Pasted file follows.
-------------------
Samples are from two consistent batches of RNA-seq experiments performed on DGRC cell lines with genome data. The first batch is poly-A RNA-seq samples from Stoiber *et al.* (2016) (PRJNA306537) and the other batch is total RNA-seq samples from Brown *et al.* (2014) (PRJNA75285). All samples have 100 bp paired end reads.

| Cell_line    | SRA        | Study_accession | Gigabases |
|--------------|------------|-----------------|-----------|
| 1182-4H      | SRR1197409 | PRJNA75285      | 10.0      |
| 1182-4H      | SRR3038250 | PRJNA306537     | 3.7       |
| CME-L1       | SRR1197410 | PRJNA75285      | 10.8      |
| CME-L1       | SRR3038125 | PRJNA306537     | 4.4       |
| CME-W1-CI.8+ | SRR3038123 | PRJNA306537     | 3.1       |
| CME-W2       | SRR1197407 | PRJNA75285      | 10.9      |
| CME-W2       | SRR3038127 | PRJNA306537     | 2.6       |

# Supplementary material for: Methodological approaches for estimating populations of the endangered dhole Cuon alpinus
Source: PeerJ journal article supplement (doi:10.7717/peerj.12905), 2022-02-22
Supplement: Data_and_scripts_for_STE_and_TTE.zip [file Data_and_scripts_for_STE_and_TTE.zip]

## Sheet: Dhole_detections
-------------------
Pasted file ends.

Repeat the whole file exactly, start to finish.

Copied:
Samples are from two consistent batches of RNA-seq experiments performed on DGRC cell lines with genome data. The first batch is poly-A RNA-seq samples from Stoiber *et al.* (2016) (PRJNA306537) and the other batch is total RNA-seq samples from Brown *et al.* (2014) (PRJNA75285). All samples have 100 bp paired end reads.

| Cell_line    | SRA        | Study_accession | Gigabases |
|--------------|------------|-----------------|-----------|
| 1182-4H      | SRR1197409 | PRJNA75285      | 10.0      |
| 1182-4H      | SRR3038250 | PRJNA306537     | 3.7       |
| CME-L1       | SRR1197410 | PRJNA75285      | 10.8      |
| CME-L1       | SRR3038125 | PRJNA306537     | 4.4       |
| CME-W1-CI.8+ | SRR3038123 | PRJNA306537     | 3.1       |
| CME-W2       | SRR1197407 | PRJNA75285      | 10.9      |
| CME-W2       | SRR3038127 | PRJNA306537     | 2.6       |

# Supplementary material for: Methodological approaches for estimating populations of the endangered dhole Cuon alpinus
Source: PeerJ journal article supplement (doi:10.7717/peerj.12905), 2022-02-22
Supplement: Data_and_scripts_for_STE_and_TTE.zip [file Data_and_scripts_for_STE_and_TTE.zip]

## Sheet: Dhole_detections